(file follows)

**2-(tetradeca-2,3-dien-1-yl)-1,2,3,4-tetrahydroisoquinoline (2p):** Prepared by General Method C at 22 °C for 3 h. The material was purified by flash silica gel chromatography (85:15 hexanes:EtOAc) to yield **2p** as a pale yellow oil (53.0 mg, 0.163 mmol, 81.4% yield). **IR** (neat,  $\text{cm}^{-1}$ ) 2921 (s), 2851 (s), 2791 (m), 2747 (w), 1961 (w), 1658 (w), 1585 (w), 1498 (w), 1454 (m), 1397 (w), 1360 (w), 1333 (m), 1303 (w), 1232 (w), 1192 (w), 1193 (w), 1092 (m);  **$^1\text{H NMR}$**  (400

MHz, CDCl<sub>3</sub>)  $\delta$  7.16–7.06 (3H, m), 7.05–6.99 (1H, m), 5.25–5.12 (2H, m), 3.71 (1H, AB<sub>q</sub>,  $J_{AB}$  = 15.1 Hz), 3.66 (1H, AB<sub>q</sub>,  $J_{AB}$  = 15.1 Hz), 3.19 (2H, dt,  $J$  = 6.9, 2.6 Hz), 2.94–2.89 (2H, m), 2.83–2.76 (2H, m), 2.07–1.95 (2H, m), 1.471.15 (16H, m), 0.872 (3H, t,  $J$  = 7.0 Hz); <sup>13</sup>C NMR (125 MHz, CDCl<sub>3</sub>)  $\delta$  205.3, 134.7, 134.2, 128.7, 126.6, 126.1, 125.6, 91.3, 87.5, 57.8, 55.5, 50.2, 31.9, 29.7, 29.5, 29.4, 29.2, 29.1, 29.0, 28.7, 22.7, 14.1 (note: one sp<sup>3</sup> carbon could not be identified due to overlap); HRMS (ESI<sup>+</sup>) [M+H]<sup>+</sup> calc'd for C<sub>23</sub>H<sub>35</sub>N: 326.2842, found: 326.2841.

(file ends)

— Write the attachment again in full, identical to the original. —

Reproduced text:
**2-(tetradeca-2,3-dien-1-yl)-1,2,3,4-tetrahydroisoquinoline (2p):** Prepared by General Method C at 22 °C for 3 h. The material was purified by flash silica gel chromatography (85:15 hexanes:EtOAc) to yield **2p** as a pale yellow oil (53.0 mg, 0.163 mmol, 81.4% yield). **IR** (neat,  $\text{cm}^{-1}$ ) 2921 (s), 2851 (s), 2791 (m), 2747 (w), 1961 (w), 1658 (w), 1585 (w), 1498 (w), 1454 (m), 1397 (w), 1360 (w), 1333 (m), 1303 (w), 1232 (w), 1192 (w), 1193 (w), 1092 (m);  **$^1\text{H NMR}$**  (400

MHz, CDCl<sub>3</sub>)  $\delta$  7.16–7.06 (3H, m), 7.05–6.99 (1H, m), 5.25–5.12 (2H, m), 3.71 (1H, AB<sub>q</sub>,  $J_{AB}$  = 15.1 Hz), 3.66 (1H, AB<sub>q</sub>,  $J_{AB}$  = 15.1 Hz), 3.19 (2H, dt,  $J$  = 6.9, 2.6 Hz), 2.94–2.89 (2H, m), 2.83–2.76 (2H, m), 2.07–1.95 (2H, m), 1.471.15 (16H, m), 0.872 (3H, t,  $J$  = 7.0 Hz); <sup>13</sup>C NMR (125 MHz, CDCl<sub>3</sub>)  $\delta$  205.3, 134.7, 134.2, 128.7, 126.6, 126.1, 125.6, 91.3, 87.5, 57.8, 55.5, 50.2, 31.9, 29.7, 29.5, 29.4, 29.2, 29.1, 29.0, 28.7, 22.7, 14.1 (note: one sp<sup>3</sup> carbon could not be identified due to overlap); HRMS (ESI<sup>+</sup>) [M+H]<sup>+</sup> calc'd for C<sub>23</sub>H<sub>35</sub>N: 326.2842, found: 326.2841.